Dubai: The UAE federal government is moving towards new measures that will protect animal welfare on farms and in the wild and everything in between, delegates heard at the first National Conference on Animal Welfare in Dubai on Wednesday.
Keynote speaker Dr Thani Al Zeyoudi, Minister of Climate Change and Environment, said the inaugural conference is a first step toward developing a national animal welfare strategy in keeping with the great importance placed on the preservation of animals and environment by the late Shaikh Zayed Bin Sultan Al Nahyan since 1971.
The new strategy will incorporate a raft of existing laws that guide animal husbandry and protect the environment.
“We believe that preserving animals is part of our religion — we must follow the path of our civilisation and values,” Al Zeyoudi said on the first day of the two-day conference at Dubai World Trade Centre.
Issues being explored at the conference as part of a new national strategy include land and sea transport of domestic livestock, slaughterhouses operations, wild animals as well as regulations regarding stray dogs and animal fighting.
Al Zeyoudi said a new national strategy will be building on a draft law passed in June by the Federal National Council which bans people living in the UAE from owning dangerous, endangered animals such as tigers and apes as well as questionable domestic animals such as pitbulls and mastiffs.
“We expect to come up with outcomes such as a national plan that will involve all national stakeholders,” Al Zeyoudi said.
Dr Majid Al Qasimi, director of Animal Health and Development Department with the Ministry for Climate Change and Environment, said he had high hopes for two days of discussions that would “analyse the needs to develop a national policy”.
Regardless of whether animals in the UAE are for food production or pets for companionship, Al Qasimi said a “national action plan will activate the humane applications” to better the welfare of animals.
Dr Matthew Stone, deputy director-general of the World Organisation for Animal Health (known as OIE), is working with the ministry as part of a regional animal welfare push by his global animal standards organisation.
“Our use of animals does carry an ethical responsibility to ensure the welfare of such animals to the greatest extent practicable,” Stone told delegates.
Improving animal welfare has shown to boost “productivity and food safety”, he said.
Stone lauded the UAE for hosting its first animal welfare conference, noting that it is a first for the region.
“I congratulate the UAE on this initative,” Stone said, noting that a draft animal welfare outline has been prepared by his organisation as part of its bid to help regions implement better treatment of everything from domestic animals to stray dogs.
Cindy Milburne, senior adviser with the International Fund for Animal Welfare (Ifaw), is a 40-year veteran in the global fight for better treatment of animals and said that public sentiment now overwhelmingly sides with animals.
Milburne cited a 2015 survey by Mintel in the UK in which “74 per cent of British citizens thought that good animal welfare standards reflected the ethics of a food company… 52 per cent said they would boycott a company if they felt animal welfare standards were poor”.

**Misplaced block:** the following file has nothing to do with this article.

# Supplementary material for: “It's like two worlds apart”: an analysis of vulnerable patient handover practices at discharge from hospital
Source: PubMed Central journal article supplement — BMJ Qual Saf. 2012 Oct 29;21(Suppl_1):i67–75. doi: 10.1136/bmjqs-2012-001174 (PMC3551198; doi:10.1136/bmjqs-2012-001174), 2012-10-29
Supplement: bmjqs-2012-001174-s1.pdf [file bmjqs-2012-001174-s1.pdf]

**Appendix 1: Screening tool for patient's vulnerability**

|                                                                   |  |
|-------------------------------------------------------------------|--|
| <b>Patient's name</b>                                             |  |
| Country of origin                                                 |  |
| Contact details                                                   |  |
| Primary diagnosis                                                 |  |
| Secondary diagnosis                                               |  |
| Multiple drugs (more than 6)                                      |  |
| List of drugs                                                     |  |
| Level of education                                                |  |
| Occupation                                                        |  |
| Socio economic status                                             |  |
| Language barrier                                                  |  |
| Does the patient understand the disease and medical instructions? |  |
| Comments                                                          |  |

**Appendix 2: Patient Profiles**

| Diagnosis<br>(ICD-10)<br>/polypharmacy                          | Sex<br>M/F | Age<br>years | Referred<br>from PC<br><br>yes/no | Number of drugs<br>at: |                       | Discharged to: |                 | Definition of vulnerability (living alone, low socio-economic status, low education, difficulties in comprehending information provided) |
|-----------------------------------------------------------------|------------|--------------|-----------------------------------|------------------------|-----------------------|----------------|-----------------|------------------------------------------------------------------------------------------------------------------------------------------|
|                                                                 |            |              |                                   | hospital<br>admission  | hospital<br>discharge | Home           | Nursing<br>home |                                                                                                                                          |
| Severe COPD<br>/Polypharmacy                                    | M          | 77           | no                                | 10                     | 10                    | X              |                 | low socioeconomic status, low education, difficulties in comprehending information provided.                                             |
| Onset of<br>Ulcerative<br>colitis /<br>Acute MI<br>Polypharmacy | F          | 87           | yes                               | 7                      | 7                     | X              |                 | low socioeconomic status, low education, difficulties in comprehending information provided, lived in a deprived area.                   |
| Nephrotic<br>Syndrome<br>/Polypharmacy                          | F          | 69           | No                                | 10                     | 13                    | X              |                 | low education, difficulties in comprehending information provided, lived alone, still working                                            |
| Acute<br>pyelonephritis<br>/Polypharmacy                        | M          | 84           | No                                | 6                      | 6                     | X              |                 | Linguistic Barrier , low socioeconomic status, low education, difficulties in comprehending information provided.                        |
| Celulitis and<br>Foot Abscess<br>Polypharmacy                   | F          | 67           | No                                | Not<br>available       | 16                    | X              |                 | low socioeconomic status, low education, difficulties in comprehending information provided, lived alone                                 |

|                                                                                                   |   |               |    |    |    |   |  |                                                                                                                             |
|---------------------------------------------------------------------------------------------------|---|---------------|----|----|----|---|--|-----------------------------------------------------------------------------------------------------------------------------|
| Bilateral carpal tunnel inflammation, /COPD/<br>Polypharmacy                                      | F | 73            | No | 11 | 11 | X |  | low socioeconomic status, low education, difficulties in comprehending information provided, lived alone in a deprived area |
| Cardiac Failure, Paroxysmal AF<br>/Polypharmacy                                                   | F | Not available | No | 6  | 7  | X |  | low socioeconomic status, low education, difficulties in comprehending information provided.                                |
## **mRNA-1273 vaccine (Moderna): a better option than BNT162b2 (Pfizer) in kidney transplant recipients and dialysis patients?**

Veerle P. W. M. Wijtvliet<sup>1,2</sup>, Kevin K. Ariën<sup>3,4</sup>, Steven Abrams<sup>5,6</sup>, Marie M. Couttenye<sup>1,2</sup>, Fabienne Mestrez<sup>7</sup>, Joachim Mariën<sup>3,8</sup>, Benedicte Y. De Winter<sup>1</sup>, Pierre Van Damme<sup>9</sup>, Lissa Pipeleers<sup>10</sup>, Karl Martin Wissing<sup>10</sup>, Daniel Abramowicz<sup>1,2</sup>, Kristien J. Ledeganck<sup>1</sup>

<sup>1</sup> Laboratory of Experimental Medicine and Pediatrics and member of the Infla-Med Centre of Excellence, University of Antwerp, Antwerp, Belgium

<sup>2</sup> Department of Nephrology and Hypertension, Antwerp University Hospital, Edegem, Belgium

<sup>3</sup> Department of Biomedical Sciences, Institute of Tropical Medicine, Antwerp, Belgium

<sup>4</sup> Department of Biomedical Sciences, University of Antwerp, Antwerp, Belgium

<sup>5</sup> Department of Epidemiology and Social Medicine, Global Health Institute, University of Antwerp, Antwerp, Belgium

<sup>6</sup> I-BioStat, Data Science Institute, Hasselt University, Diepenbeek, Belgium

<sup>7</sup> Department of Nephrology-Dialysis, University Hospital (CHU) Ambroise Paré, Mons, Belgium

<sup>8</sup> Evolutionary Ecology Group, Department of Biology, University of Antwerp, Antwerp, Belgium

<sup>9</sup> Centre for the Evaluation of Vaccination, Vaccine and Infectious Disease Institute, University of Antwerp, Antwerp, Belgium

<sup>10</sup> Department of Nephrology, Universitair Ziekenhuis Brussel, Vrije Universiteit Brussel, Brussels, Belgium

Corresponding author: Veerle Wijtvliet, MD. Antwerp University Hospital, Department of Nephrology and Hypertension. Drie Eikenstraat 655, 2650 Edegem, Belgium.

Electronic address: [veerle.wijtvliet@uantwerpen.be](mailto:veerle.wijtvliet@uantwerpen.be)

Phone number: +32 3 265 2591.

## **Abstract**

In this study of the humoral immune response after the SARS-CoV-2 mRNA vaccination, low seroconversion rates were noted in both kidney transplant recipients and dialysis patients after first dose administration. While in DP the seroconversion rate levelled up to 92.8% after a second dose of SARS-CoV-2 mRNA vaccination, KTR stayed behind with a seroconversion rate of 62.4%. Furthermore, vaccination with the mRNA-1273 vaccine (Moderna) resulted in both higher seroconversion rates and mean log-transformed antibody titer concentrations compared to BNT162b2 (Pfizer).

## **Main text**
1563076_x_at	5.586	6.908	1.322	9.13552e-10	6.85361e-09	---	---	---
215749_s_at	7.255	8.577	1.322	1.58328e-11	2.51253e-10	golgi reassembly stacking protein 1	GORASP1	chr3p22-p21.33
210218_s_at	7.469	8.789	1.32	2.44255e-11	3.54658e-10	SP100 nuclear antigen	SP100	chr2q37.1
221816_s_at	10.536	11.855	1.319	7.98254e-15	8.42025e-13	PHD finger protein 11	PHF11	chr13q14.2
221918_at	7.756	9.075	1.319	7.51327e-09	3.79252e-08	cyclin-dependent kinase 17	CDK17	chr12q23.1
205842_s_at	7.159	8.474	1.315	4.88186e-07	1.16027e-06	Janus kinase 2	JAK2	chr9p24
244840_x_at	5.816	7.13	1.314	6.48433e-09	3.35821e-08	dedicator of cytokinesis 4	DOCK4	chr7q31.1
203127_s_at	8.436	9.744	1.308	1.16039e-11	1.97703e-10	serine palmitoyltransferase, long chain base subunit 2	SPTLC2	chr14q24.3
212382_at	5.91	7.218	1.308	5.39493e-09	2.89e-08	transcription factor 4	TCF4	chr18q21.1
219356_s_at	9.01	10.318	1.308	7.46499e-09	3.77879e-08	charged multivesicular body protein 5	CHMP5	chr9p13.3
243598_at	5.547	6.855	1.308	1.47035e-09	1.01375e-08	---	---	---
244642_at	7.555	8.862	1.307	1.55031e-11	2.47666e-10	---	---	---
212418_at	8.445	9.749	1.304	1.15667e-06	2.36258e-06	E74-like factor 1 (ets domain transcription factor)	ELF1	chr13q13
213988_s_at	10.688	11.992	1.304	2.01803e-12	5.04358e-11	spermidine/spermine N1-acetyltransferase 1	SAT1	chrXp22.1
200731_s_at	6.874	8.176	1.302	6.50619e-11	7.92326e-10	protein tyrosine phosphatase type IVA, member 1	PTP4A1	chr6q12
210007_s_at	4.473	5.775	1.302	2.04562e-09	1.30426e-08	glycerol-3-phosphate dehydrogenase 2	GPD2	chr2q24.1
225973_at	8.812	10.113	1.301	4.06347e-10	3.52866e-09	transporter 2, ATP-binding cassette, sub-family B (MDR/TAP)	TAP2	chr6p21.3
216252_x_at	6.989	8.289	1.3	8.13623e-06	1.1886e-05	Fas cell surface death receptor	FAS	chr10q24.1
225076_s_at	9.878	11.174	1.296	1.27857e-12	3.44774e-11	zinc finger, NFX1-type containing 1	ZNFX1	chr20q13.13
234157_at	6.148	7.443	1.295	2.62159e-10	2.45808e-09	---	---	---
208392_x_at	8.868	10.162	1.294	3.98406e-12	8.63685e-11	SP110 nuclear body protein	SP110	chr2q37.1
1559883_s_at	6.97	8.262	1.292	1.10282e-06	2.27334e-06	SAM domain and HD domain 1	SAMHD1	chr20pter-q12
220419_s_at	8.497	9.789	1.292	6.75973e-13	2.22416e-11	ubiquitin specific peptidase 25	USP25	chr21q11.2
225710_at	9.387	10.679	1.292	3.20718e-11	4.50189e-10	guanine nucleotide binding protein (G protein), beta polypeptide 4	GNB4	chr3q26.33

She lauded the UAE for taking measures to protect animals that are vulnerable both on the farm and in the wild, noting that “the keeping of dangerous animals and exotic pets Is a problem in the region”.
Islam calls for kindness to animals
Dr Salem Al Doobi, head of guidance with the Sharjah Government, told delegates that Islamic teachings and Quranic verses make it very clear that animals must be treated kindly.
“There are verses where the Almighty stressed the importance of being kind to animals. This is to show the importance of animals in our lives,” he said. “Harming animals may take humans to the lowest places in religion.”
Al Doobi said that animals that are to be slaughtered should be properly fed and be given proper transportation facilities, adding that those who neglect animal welfare should be punished by decision makers in the country.
Meanwhile, a new draft law passed by the Federal National Council in June answers just such calls for punishment against those who commit offences against animals.
Portions of the draft law would be considered for the new national animal welfare strategy.
The draft law includes tough penalties for offenders of up to life imprisonment and/or a Dh1 million fine.
Those who use an animal to attack people and the assault causes death will face life imprisonment. In the event the attack causes a disability, a prison term of up to seven years will be imposed. If other minor injuries are inflicted, a prison term of not more than a year and a fine of up to Dh10,000 will be given, according to the new bill.
Under the new law, those who use animals to terrorise people will face a jail term and/or a range of fines from Dh10,000 to Dh400,000.
In addition to banning the unlicensed ownership of these wild and other dangerous animals, the law also outlines stricter records of wild or dangerous domesticated or undomesticated animals. It also calls for all imported animals to be registered and carry official certificates issued by UAE vets.